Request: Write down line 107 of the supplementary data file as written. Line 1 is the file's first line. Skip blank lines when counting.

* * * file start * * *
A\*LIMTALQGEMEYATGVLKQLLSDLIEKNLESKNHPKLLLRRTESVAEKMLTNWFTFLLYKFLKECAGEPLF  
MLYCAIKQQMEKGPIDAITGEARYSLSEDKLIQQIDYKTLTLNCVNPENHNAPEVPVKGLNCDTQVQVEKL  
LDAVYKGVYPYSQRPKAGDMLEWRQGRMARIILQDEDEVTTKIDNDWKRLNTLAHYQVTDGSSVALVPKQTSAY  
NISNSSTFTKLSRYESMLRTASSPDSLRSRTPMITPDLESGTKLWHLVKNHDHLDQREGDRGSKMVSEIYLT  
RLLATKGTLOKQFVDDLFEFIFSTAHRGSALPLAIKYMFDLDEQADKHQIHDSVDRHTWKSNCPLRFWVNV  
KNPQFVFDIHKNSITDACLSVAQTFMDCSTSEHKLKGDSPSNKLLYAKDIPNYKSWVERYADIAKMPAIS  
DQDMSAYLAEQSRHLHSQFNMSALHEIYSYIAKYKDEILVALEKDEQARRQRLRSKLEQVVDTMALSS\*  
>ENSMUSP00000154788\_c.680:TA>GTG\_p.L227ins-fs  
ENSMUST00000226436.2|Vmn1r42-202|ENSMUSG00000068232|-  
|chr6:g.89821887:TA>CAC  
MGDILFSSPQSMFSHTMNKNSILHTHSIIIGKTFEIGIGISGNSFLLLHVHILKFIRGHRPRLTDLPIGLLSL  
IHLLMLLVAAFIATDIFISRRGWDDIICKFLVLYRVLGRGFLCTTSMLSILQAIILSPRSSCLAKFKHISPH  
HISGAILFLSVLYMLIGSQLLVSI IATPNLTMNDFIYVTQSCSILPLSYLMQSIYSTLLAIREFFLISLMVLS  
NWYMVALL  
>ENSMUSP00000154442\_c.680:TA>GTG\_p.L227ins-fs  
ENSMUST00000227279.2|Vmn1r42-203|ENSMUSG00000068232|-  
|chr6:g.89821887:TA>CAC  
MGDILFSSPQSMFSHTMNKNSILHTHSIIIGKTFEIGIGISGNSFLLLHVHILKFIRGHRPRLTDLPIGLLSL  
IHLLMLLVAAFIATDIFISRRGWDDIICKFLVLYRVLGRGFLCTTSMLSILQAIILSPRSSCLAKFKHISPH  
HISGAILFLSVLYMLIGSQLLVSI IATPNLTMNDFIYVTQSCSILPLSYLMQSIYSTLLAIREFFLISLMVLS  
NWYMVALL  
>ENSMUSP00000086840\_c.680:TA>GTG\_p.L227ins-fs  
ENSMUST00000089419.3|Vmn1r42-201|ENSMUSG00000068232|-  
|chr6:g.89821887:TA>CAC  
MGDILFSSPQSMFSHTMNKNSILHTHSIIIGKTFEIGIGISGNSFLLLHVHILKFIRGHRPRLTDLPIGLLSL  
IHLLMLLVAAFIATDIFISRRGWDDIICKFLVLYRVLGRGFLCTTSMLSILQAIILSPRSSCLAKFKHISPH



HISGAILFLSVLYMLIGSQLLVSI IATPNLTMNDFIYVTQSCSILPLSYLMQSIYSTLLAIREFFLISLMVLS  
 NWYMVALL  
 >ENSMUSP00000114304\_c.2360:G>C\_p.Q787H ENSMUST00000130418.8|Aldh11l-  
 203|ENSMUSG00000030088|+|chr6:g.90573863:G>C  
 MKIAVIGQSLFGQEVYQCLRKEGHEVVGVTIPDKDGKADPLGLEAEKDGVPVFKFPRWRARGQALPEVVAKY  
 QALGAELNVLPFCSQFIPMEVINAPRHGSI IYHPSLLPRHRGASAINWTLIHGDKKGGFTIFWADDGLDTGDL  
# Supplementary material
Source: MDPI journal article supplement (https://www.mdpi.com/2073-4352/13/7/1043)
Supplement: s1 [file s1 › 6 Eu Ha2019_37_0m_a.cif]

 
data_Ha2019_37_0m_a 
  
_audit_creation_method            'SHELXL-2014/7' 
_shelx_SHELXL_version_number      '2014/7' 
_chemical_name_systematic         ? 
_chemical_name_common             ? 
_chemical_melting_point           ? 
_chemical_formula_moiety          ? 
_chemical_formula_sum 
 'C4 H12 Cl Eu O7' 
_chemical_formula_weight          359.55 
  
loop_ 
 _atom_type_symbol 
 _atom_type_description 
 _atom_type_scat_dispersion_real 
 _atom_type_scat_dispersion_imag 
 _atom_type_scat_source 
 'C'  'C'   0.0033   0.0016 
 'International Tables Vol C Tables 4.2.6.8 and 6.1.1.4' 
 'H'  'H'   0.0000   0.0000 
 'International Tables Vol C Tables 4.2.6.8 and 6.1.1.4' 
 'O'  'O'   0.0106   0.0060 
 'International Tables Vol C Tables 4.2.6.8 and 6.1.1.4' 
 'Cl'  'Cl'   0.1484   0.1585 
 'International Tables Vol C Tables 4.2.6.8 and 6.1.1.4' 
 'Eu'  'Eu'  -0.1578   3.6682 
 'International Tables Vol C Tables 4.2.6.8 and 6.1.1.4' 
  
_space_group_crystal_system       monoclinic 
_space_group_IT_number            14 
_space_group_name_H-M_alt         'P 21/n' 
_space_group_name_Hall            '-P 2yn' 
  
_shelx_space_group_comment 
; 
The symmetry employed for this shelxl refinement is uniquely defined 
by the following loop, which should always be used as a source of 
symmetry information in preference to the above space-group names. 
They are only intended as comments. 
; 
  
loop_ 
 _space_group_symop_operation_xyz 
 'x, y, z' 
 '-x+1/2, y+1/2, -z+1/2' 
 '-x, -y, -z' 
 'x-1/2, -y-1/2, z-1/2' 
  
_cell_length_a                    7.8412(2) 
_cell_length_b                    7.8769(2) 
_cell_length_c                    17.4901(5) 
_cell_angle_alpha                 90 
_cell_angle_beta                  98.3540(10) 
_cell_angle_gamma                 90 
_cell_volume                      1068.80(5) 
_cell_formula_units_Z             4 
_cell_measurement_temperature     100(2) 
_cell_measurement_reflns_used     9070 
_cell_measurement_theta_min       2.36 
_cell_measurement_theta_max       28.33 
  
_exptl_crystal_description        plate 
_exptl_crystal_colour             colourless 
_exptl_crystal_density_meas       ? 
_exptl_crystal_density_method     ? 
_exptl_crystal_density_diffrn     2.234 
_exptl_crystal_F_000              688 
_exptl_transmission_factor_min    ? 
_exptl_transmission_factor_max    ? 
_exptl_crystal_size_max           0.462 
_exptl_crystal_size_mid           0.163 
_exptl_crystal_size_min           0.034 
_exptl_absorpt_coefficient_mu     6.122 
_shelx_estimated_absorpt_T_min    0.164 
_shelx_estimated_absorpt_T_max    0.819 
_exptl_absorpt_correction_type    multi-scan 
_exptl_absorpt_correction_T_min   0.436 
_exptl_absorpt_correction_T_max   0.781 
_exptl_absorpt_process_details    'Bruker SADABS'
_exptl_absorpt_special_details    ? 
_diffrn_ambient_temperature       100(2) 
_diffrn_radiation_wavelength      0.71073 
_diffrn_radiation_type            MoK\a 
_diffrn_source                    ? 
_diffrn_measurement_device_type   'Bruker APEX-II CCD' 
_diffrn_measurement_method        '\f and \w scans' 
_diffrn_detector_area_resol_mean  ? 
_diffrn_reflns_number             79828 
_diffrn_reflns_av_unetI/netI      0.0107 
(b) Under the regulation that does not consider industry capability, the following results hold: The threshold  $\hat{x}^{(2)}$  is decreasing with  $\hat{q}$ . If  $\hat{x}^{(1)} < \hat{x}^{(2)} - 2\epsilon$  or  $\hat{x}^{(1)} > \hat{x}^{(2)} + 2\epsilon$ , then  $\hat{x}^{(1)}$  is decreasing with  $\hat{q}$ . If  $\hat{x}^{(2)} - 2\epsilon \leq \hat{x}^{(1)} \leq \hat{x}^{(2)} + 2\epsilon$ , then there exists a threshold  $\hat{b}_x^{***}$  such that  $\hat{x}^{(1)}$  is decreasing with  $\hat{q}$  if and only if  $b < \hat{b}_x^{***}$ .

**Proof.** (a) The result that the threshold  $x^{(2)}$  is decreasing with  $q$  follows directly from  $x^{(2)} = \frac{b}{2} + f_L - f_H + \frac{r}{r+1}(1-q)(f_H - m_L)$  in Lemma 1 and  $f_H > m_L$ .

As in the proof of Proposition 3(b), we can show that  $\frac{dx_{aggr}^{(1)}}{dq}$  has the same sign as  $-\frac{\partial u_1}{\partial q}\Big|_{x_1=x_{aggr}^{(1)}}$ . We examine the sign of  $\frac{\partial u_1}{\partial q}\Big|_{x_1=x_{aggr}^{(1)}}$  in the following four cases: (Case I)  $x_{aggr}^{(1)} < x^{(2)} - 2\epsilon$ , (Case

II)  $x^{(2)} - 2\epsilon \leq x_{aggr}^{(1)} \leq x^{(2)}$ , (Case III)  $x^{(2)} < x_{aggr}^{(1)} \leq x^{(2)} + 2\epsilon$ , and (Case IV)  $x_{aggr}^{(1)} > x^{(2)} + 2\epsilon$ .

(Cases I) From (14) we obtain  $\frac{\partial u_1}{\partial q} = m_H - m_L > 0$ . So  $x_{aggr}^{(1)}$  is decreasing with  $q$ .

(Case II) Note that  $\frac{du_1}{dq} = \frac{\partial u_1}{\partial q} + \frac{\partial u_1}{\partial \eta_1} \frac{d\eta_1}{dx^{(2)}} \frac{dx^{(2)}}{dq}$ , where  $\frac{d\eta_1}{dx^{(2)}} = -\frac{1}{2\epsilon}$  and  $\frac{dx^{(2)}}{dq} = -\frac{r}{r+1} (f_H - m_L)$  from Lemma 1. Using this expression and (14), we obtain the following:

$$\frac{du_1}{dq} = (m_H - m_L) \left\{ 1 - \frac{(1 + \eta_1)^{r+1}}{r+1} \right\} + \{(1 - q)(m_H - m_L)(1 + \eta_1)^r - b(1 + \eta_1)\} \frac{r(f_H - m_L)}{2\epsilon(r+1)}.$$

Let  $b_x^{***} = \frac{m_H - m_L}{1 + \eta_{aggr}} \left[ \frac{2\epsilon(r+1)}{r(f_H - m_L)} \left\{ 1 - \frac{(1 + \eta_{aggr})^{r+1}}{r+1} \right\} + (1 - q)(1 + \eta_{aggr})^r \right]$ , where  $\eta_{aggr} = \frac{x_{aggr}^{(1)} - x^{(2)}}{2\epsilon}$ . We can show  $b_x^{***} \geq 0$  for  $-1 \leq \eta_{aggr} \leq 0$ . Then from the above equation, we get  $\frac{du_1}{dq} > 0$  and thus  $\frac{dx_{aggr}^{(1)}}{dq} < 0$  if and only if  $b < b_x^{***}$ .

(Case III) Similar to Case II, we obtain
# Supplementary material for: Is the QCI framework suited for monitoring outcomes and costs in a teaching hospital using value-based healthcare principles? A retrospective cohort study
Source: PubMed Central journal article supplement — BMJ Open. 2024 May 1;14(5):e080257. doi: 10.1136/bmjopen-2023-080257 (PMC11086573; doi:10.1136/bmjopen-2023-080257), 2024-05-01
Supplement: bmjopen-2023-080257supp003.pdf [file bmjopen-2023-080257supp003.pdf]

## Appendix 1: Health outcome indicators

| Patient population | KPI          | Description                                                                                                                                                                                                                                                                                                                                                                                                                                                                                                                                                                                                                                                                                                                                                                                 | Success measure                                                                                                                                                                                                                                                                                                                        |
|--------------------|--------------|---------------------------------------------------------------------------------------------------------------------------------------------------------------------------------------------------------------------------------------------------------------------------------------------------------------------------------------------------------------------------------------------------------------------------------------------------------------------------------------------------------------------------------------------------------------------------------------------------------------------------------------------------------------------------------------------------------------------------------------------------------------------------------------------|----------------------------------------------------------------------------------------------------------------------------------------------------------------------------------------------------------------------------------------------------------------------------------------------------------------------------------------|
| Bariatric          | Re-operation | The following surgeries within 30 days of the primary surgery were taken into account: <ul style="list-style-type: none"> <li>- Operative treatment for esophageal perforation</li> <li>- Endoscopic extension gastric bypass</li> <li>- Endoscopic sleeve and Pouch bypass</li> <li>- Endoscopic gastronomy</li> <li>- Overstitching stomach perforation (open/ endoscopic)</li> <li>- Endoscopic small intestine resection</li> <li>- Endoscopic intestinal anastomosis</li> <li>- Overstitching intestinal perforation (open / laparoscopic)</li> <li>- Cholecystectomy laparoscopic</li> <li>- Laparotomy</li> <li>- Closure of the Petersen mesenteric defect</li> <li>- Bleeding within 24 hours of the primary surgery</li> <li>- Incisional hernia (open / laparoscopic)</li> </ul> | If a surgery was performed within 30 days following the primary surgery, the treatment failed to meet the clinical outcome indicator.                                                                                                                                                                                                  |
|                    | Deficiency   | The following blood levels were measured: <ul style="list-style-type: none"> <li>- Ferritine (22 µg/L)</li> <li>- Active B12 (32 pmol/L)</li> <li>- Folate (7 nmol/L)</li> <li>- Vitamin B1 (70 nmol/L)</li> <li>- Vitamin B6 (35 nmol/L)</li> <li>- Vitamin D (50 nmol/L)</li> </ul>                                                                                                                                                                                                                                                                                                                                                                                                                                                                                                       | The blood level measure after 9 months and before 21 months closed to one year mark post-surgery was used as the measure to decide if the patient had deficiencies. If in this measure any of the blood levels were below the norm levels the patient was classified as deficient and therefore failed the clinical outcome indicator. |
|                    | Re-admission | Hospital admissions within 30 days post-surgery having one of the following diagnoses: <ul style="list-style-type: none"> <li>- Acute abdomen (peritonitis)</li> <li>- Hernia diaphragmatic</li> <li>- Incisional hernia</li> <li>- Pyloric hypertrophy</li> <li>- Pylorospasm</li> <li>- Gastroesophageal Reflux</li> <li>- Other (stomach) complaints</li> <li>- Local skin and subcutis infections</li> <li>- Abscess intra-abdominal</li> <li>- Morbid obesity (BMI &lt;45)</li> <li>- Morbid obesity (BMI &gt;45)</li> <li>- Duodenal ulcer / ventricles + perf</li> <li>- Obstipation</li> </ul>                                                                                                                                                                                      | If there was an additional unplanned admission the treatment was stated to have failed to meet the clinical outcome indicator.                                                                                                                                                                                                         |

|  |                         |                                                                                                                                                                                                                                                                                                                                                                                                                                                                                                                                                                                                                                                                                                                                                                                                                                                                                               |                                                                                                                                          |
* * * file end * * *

_exptl_absorpt_correction_T_max   0.781 